If you’re interested in growing coral, it’s crucial to consider the environment of the aquarium. Coral and other livestock create waste, including ammonia and nitrite. These substances harm the health of coral and fish, so you’ll need to introduce a filtration system into the tank to keep the livestock healthy. Live rock has been a staple of reef-keeping for many years.

Comprised of calcium carbonate and other minerals, live rock is basically coral and shell rubble that has been aggregated and compressed over time. Why “live?” This rock is very porous, and plays host to countless microbes that metabolize ammonia and nitrite. It can also become the home for any number of reef creatures, from copepods to nudibranch, including coral. Most aquarists consider live rock a must-have for a thriving marine ecosystem. Here, we share more information about choosing live rock for your aquarium.

Farmed Live Rock

Today, there are many ways to introduce live rock into your tank. In the past, collecting live rock from the ocean was the most common way to do this. Responsibly collected reef rubble makes excellent live rock. There is still concern that wild collection is still an intrusive practice, and the hobby has responded. Reef enthusiasts have moved toward sustainable farming of live rock. Farming is accomplished by collecting the appropriate type of material, and placing it into the ocean to be colonized by microbes and other organisms. Coraline algae, copepods, and polychaetes will all happily move in.

Introducing farmed live rock into your aquarium is a great option if you’re interested in biodiversity. However, using live rock comes with some risks, including the possibility of accidentally allowing pest species that could harm coral into the tank. As there will be die off of some of the residents during shipping, this type of live rock needs to be cured. Curing allows the organisms to repopulate the rock, and run through the normal nitrogen cycling process. This process takes about six weeks, but it’s the safest option for your reef, and will prevent a giant algae bloom from taking over your aquarium.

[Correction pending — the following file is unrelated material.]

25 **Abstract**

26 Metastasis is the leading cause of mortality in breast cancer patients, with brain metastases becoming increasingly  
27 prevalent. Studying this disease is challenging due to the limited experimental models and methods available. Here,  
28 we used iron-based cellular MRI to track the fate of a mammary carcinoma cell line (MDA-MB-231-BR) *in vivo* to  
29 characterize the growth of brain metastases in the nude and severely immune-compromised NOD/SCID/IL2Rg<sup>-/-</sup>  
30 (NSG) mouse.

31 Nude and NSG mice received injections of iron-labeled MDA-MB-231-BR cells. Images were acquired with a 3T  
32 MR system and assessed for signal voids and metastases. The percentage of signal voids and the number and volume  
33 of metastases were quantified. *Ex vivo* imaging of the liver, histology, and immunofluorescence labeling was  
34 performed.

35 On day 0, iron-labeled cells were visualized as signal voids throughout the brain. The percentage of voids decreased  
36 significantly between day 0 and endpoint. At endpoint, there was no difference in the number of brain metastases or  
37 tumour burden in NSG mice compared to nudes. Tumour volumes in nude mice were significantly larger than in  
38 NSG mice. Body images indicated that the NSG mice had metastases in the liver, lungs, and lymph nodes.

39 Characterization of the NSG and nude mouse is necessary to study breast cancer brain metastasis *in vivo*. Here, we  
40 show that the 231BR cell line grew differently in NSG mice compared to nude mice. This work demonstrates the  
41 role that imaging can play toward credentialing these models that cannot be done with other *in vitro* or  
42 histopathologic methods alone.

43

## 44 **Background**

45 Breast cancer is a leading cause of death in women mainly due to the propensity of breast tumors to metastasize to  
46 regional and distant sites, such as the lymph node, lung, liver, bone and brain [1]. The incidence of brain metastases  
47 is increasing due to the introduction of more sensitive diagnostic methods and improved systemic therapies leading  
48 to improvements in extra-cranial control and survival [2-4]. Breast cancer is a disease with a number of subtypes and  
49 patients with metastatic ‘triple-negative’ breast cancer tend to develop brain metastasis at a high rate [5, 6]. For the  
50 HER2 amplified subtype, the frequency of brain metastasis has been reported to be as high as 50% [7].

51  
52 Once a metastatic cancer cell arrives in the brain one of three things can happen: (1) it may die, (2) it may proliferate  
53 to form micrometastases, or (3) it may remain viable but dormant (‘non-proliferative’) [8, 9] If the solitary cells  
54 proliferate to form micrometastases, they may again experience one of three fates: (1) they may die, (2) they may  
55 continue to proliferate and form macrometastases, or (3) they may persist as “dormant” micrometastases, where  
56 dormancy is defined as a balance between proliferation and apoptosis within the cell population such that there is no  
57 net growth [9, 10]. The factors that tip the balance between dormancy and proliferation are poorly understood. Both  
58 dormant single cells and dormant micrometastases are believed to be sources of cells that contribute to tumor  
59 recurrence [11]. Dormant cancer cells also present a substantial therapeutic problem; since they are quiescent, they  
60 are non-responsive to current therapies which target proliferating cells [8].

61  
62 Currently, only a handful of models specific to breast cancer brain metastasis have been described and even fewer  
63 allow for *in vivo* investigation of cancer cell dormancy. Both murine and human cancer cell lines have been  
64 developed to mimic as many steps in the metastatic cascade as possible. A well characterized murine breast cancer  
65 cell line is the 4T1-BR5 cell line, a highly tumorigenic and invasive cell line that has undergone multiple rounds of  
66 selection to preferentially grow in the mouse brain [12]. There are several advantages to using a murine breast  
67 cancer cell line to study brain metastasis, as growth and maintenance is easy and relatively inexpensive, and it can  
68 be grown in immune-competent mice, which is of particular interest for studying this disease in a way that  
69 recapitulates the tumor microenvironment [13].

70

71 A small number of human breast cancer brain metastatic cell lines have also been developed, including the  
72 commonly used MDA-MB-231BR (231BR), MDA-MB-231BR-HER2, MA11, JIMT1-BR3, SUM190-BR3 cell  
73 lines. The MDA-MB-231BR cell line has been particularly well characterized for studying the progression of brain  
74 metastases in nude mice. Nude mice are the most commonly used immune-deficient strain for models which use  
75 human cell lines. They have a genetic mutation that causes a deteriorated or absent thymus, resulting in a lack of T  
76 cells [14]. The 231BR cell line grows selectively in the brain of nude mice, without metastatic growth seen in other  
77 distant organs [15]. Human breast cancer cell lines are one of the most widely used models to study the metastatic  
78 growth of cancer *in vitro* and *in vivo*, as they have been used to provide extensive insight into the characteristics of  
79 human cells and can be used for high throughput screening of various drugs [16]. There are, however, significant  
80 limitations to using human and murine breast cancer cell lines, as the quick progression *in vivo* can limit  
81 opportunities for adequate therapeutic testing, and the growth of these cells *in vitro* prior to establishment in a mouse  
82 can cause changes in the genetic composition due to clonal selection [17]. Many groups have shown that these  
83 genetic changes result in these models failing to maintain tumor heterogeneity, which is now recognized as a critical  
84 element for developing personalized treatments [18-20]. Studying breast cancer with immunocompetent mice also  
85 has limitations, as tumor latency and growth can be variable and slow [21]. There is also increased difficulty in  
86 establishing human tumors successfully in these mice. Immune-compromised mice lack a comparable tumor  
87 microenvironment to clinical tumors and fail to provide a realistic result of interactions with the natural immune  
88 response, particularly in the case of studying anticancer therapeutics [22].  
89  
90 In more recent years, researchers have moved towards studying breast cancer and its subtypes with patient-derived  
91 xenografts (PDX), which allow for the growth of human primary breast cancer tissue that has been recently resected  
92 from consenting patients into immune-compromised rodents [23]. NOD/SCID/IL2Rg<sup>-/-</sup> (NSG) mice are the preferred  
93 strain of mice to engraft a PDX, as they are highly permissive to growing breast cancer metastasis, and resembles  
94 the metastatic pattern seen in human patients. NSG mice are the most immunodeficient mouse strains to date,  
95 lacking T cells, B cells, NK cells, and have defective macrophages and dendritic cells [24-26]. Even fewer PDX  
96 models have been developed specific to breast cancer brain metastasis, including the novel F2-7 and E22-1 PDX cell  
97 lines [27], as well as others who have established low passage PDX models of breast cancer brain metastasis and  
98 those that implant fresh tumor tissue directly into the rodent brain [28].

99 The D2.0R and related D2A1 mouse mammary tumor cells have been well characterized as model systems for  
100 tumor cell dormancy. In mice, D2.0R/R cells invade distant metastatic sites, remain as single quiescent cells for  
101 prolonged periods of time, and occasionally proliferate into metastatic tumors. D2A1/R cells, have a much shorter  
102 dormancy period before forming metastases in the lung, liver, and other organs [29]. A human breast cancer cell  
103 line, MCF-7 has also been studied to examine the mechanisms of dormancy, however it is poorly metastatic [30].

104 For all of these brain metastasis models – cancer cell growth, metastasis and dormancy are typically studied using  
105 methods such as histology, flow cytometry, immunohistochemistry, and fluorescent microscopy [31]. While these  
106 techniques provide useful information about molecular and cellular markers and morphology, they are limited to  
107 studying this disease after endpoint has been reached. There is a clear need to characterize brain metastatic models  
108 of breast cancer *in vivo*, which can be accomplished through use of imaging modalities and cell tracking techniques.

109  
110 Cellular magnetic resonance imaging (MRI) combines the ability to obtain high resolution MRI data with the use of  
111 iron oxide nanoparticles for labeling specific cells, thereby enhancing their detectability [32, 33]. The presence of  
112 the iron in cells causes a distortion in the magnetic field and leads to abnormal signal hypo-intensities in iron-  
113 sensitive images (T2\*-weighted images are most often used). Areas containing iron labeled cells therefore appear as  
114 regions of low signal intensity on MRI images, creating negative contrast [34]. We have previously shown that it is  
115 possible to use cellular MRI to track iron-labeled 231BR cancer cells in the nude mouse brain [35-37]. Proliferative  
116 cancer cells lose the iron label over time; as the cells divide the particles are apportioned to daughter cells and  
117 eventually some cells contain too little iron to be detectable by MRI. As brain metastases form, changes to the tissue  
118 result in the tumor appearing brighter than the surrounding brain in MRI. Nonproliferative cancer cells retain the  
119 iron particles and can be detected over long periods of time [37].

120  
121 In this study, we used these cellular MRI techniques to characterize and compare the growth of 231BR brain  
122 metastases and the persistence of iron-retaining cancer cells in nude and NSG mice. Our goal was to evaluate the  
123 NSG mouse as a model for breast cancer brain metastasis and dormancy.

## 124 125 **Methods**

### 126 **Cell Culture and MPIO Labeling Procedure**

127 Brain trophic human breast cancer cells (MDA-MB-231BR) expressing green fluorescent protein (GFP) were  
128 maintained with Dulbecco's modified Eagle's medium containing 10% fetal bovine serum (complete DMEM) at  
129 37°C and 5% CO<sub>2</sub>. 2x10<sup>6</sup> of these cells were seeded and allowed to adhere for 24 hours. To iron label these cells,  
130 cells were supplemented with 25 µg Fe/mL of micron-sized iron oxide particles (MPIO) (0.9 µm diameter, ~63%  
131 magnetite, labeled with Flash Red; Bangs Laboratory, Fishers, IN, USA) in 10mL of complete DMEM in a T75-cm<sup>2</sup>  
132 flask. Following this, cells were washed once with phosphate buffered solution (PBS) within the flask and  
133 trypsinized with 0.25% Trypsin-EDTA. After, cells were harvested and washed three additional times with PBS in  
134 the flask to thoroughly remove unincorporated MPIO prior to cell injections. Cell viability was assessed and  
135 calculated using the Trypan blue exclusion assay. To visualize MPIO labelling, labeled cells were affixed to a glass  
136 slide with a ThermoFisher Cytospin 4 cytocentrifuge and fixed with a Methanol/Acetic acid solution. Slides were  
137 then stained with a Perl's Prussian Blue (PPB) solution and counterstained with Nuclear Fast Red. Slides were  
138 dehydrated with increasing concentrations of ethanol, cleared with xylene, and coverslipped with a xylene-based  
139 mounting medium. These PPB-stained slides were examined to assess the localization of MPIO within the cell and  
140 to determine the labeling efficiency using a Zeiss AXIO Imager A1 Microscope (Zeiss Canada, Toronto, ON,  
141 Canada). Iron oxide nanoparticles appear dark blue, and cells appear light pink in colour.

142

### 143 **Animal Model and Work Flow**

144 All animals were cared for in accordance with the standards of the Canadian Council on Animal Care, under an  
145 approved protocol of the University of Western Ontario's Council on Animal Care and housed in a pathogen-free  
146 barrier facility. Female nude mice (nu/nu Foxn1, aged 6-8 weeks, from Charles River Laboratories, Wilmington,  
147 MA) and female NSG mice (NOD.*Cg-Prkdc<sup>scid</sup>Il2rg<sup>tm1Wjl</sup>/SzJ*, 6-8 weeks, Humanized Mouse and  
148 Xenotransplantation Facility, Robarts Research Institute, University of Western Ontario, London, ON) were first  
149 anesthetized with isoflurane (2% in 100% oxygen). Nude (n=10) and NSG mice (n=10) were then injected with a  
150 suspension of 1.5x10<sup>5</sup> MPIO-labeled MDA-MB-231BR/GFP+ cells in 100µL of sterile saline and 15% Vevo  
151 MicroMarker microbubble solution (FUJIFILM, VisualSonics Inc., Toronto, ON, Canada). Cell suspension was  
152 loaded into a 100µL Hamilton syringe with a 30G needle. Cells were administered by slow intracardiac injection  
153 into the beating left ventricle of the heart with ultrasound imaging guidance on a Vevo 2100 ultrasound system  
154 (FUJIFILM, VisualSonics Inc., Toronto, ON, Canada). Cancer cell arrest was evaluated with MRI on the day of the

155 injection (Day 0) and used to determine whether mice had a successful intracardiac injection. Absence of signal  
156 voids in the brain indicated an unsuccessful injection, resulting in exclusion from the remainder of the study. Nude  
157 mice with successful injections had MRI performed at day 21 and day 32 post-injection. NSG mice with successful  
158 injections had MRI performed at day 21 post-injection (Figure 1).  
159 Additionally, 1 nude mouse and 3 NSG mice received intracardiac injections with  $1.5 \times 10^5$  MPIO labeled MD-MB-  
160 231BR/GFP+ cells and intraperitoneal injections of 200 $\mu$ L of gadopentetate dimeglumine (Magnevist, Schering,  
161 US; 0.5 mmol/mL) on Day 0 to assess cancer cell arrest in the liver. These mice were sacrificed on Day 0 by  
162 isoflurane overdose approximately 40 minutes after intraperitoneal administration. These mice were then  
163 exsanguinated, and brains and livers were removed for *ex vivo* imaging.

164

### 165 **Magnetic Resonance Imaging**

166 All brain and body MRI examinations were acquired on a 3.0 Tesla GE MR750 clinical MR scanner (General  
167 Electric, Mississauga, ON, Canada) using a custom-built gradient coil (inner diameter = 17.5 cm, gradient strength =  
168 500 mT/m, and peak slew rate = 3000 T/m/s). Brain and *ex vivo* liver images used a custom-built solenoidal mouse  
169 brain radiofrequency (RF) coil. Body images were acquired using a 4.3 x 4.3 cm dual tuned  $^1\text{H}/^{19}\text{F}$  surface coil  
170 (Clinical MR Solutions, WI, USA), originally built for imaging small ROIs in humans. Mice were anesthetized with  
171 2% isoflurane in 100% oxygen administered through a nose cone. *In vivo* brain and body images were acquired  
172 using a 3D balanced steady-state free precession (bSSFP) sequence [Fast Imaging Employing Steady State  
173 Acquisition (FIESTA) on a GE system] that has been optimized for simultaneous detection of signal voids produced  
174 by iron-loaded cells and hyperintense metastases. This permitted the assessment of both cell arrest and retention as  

“Building” Live Rock

If you’re interested in exploring other avenues with regards to live rock, “building” this material is an option. This isn’t the simplest method, as it requires an extensive and messy process. However, some may find that it’s an interesting project to try. To create your own rock, you’ll need to mix aragonite (which consists of crushed coral and shells) with Portland cement. While this method isn’t ideal for all reef builders, some enjoy the process because it’s possible to form the rock into shapes that you like. The rock, once created, also needs to cure, but in this case, that is to allow the escape of lime and other substances from the concrete that cause lots of pH issues.

building live rock

When you’re on the search for the fastest and easiest way to introduce “live” rock into your aquarium, you may find it convenient to purchase live rock alternatives. This option can range from slightly to significantly more expensive than farming or building, but can offer some incredibly beautiful shapes and design flexibility into a reef.

Several options for live rock alternatives are available, such as the product lines from Real Reef Solutions and CeramEco. Some are white, while some come colored as if coraline algae was already present. The most advanced can even be made to shape, to sit flush against walls or form amazing spires and pads. Ceramic live rock, such as the options from CeramEco, are the more expensive versions of live rock alternative. These structures are less dense than farmed live rock, and look beautiful in any tank. However, it’s important to be aware that live rock alternatives also need to be soaked before placing them in an aquarium in order to allow the microbe population to regulate. Never fear – there are plenty of vendors out there that will seed these products in their own tanks for you before you buy them.

Additional Considerations

Regardless of which method you choose for obtaining live rock, it’s vital to properly secure the structures. Corals are fragile, and the leading cause of coral death is injury by falling objects. Falling rockwork is usually caused by migration of tank denizens like snails or starfish, so be sure to carefully stack and cement all rockwork.

Live rock or live rock alternatives play a crucial role in regulating the cleanliness of a reef. Whether you opt for farmed live rock, build your own rock, or purchase an alternative, you’ll need a high-quality reef lighting system to achieve best results. We take pride in our reef lighting system, and two generations are available for your consideration. To learn more about our durable and user-friendly products, please browse our collection online.